That’s how easy you can be hacked by copying and pasting commands from the web


The one who never has copied a command from the web to paste it into your terminal, Cast the first stone. It is not something that only novice Linux users do, but in any system, and it is so common among developers themselves – even the most veteran ones – that Stack Overflow itself turned its keyboard to ‘copy and paste’ into a real gadget with enough demand.

Well, the cybersecurity specialist Gabriel Friedlander, just showed a “simple trick with which you can be hacked for a copy paste accidental“For Gabriel, the demo that he has posted on his website is more than reason enough why we should never copy commands from the web directly into our terminal.

When you think you are copying something but it is replaced by something else

Copy Paste Hack

Friedlander explains that all it takes is a simple line of code injected into the code you are copying to create a back door to your app. In fact, you can do the test directly on his blog by copying a common and common command that many of us have used in Linux: “sudo apt update”.

If you enter the blog in question and copy the code and paste it in the drawer below (or in any other place like your notepad), you can see how what you pasted is completely different from the copied command. In this case it is a malicious command, and the important detail here is that when pasting it a new line is added automatically.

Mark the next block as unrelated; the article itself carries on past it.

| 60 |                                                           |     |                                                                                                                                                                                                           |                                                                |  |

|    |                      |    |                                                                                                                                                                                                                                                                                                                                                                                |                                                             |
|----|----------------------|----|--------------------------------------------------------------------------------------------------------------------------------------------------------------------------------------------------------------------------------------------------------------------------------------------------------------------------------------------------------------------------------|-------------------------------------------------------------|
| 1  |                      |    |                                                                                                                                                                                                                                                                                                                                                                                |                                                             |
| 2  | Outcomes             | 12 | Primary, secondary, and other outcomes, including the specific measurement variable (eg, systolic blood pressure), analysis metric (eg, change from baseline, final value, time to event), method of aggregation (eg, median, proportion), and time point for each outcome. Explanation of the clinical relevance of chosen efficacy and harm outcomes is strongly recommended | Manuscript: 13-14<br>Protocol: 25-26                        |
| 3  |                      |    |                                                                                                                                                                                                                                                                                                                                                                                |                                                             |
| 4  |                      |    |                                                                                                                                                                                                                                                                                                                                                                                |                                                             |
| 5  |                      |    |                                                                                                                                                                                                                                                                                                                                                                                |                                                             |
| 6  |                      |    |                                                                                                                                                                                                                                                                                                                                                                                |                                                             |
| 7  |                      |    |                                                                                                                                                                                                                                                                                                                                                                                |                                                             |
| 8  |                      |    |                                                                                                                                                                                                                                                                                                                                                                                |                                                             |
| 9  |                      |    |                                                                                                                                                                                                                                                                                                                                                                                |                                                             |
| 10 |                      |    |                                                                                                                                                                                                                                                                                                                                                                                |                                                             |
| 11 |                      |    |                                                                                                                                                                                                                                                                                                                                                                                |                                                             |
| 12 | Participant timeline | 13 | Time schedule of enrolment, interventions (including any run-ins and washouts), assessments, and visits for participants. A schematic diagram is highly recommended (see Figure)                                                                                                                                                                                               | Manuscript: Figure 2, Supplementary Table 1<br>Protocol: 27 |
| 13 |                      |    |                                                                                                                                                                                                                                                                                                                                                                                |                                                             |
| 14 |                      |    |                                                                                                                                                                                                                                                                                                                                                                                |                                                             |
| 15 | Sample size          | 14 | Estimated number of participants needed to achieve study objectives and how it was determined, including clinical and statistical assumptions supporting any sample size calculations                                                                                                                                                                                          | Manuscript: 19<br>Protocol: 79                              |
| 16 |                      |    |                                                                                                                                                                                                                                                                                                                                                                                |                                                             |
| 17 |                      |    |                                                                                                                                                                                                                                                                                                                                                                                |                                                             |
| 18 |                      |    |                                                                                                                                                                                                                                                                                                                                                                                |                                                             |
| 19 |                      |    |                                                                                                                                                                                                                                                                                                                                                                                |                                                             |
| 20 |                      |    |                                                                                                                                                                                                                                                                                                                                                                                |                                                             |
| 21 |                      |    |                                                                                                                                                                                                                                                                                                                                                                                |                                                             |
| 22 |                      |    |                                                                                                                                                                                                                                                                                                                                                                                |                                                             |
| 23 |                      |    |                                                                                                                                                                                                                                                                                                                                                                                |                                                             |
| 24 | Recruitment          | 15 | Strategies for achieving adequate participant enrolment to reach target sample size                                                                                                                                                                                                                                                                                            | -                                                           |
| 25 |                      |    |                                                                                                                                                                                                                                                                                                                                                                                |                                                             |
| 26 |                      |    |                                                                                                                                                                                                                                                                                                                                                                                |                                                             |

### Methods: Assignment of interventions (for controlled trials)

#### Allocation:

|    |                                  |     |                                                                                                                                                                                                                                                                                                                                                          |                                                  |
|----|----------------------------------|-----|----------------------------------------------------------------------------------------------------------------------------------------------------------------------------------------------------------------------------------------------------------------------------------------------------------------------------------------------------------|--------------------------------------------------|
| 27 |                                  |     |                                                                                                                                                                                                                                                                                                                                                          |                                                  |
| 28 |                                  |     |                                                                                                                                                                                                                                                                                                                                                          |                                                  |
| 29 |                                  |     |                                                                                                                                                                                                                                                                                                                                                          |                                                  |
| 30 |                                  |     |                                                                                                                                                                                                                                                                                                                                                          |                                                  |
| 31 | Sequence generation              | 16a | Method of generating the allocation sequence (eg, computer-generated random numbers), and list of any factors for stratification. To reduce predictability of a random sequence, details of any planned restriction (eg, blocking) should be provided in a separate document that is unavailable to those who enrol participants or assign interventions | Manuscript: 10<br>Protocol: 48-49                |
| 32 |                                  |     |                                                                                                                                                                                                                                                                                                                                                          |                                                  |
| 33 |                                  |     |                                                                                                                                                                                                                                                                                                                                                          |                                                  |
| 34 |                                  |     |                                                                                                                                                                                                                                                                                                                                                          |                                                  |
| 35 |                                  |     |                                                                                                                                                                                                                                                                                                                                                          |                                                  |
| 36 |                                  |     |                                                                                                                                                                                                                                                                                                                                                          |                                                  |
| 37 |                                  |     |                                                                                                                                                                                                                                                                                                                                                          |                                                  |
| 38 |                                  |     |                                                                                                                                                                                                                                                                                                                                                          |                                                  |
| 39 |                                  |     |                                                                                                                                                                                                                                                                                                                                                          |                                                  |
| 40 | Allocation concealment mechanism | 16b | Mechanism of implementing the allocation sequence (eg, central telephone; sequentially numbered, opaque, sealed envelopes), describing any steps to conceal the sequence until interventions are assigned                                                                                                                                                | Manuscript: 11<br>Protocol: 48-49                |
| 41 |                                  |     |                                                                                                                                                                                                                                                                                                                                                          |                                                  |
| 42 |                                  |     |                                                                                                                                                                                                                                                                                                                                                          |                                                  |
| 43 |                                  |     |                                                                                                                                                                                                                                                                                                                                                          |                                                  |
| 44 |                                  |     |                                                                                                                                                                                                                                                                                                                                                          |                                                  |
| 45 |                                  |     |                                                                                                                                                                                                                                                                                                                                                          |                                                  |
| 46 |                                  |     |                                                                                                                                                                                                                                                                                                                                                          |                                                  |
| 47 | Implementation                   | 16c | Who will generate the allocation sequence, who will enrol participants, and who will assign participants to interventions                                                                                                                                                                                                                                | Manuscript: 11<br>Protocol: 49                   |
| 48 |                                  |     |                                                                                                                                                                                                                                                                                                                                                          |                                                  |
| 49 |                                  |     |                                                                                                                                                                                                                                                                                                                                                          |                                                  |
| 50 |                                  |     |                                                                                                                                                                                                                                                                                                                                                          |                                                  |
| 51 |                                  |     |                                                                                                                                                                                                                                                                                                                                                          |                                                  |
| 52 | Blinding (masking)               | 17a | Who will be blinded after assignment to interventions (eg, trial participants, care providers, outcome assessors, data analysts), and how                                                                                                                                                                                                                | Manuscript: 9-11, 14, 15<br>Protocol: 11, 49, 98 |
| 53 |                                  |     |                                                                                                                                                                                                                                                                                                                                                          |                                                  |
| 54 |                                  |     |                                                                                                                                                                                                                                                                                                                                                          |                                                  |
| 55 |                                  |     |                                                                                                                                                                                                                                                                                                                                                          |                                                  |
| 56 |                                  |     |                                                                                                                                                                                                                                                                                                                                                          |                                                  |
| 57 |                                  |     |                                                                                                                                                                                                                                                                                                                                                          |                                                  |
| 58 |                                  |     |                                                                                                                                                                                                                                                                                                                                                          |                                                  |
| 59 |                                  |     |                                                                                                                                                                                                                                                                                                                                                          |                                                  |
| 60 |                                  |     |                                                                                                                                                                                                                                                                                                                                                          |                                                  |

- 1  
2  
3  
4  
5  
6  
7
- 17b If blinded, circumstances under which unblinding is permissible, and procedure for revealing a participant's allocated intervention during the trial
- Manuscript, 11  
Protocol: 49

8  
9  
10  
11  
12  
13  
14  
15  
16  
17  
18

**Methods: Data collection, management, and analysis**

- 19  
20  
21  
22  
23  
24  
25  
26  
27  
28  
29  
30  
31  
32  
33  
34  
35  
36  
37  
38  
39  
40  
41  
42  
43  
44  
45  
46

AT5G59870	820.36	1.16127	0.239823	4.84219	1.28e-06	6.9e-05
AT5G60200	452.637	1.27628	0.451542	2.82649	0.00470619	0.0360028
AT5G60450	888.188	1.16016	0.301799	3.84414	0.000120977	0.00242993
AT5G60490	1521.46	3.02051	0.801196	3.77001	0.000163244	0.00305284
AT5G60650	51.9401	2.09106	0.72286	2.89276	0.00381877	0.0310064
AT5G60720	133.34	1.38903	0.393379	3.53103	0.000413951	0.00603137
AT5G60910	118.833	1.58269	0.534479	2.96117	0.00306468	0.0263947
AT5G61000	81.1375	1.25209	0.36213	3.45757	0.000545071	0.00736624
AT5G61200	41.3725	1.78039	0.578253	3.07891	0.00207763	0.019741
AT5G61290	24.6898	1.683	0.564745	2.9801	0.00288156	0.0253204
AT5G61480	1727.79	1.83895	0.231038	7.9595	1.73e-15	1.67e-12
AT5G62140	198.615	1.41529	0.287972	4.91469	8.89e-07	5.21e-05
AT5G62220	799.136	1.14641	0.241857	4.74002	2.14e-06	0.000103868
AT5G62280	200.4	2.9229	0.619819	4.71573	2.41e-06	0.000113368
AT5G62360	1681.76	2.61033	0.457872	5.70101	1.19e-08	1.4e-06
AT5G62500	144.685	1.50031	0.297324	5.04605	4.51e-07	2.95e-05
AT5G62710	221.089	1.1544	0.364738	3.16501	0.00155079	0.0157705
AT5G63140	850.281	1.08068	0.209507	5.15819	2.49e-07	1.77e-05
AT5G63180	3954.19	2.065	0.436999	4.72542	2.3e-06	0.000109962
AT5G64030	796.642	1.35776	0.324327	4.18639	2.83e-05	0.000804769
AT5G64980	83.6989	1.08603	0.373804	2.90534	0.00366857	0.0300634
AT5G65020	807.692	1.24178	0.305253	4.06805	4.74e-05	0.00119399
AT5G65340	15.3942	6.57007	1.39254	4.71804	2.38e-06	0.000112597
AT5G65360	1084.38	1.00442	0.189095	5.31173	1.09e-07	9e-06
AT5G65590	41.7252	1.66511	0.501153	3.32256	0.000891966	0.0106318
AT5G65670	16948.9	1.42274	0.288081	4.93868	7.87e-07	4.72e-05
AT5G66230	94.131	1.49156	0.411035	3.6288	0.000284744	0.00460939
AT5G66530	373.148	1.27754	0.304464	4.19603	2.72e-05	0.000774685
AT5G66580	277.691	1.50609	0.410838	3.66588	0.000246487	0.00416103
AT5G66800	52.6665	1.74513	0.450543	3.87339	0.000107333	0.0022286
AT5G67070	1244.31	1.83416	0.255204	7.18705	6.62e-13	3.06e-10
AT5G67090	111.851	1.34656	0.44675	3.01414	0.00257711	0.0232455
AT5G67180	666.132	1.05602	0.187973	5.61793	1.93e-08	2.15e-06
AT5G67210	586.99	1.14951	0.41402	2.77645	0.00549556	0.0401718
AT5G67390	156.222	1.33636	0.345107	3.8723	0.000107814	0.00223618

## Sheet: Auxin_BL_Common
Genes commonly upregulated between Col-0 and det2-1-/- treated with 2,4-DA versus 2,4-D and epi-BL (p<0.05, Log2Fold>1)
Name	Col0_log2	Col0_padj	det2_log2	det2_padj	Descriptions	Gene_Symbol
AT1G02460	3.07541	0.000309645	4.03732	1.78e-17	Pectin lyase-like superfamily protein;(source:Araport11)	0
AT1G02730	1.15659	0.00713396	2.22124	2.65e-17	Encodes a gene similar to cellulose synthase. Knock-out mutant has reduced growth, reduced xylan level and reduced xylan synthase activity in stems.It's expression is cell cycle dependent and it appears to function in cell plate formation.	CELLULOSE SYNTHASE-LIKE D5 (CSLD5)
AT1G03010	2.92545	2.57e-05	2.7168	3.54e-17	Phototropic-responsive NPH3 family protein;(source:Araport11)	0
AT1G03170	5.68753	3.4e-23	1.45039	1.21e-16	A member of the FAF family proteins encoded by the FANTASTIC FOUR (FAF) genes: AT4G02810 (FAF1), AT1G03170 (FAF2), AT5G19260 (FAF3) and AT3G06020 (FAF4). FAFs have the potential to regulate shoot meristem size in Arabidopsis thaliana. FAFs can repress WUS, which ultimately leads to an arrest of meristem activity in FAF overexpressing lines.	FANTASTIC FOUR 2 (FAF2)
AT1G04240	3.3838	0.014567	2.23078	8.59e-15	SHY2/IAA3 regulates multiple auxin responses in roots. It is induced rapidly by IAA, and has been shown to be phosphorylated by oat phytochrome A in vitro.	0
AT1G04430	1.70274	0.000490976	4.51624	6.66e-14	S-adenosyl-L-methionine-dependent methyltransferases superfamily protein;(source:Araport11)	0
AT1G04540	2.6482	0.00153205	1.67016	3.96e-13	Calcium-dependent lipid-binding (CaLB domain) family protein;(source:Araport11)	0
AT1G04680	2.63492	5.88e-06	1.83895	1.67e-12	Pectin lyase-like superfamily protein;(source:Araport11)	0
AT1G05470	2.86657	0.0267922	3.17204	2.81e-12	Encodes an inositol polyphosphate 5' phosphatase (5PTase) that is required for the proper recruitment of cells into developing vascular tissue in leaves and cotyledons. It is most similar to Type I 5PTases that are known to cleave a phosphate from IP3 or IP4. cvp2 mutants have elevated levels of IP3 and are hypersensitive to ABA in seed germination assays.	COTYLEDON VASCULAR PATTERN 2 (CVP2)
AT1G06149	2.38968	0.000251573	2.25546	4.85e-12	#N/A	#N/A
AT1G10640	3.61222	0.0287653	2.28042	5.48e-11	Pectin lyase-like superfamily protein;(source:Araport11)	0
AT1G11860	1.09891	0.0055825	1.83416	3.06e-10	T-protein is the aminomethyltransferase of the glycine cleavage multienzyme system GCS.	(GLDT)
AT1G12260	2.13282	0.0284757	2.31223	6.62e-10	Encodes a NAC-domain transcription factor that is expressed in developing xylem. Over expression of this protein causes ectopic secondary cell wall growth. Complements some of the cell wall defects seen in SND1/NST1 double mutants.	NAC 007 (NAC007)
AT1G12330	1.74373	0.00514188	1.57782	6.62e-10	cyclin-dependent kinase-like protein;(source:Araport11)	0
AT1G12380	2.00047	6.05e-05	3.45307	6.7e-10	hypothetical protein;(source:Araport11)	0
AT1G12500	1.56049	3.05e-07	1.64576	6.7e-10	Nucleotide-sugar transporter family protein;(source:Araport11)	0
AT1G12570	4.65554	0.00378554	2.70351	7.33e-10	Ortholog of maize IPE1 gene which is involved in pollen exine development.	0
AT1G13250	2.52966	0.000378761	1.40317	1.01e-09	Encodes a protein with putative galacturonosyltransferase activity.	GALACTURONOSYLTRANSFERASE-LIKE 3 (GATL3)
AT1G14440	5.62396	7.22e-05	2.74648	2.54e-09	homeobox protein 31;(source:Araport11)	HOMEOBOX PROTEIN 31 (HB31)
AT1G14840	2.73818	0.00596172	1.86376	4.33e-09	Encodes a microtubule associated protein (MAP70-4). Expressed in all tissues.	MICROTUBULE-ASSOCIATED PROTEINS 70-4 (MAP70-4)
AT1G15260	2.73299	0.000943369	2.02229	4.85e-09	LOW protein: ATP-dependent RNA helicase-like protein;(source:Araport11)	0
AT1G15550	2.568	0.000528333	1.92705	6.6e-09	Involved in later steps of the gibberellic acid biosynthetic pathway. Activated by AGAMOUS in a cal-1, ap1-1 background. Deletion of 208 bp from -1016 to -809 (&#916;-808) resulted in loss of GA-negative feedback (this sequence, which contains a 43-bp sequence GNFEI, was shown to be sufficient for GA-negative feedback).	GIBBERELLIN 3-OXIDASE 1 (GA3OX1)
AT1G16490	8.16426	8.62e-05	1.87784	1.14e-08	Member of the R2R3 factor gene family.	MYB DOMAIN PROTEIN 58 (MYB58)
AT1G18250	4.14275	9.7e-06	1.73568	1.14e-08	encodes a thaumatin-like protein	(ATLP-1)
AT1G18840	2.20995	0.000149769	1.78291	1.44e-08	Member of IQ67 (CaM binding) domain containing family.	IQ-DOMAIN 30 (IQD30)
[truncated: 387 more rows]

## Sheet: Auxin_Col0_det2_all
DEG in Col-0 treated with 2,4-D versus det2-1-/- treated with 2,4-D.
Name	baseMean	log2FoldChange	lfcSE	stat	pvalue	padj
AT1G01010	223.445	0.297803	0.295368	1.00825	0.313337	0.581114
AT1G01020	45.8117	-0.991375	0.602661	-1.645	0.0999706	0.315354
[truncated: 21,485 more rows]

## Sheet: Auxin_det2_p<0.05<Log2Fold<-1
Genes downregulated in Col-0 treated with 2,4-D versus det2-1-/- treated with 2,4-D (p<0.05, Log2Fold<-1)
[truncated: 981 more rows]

The keyboard to 'copy and paste' code from Stack Overflow, an April Fool turned gadget (and already in pre-sale)

This means that when you have pasted the command it will be too late, since adding a new line causes the terminal to automatically execute the command, so regardless of whether you have noticed that the command you pasted is not the correct one, you will no longer be able to do anything to prevent its execution.

All this “pleasure” is due solely to a simple segment of JavaScript injected into the page that will change the text copied to the clipboard. When copying the command an “event listener” is activated when the user clicks the “copy” button and replaces the initial text with the malicious code.

These types of scripts obviously have legitimate uses, but this is an example of how they can be exploited for evil in a creative way, and perhaps it serves as a warning not to copy commands from any strange place on the Internet.

A recommendation from Gabriel to prevent this is that we can add a “#” after the code before pasting it to make it a comment and that it does not run. A recommendation from Gabriela is to paste the code before anywhere other than the terminal to verify that you are pasting the original content and no one is playing one on you.


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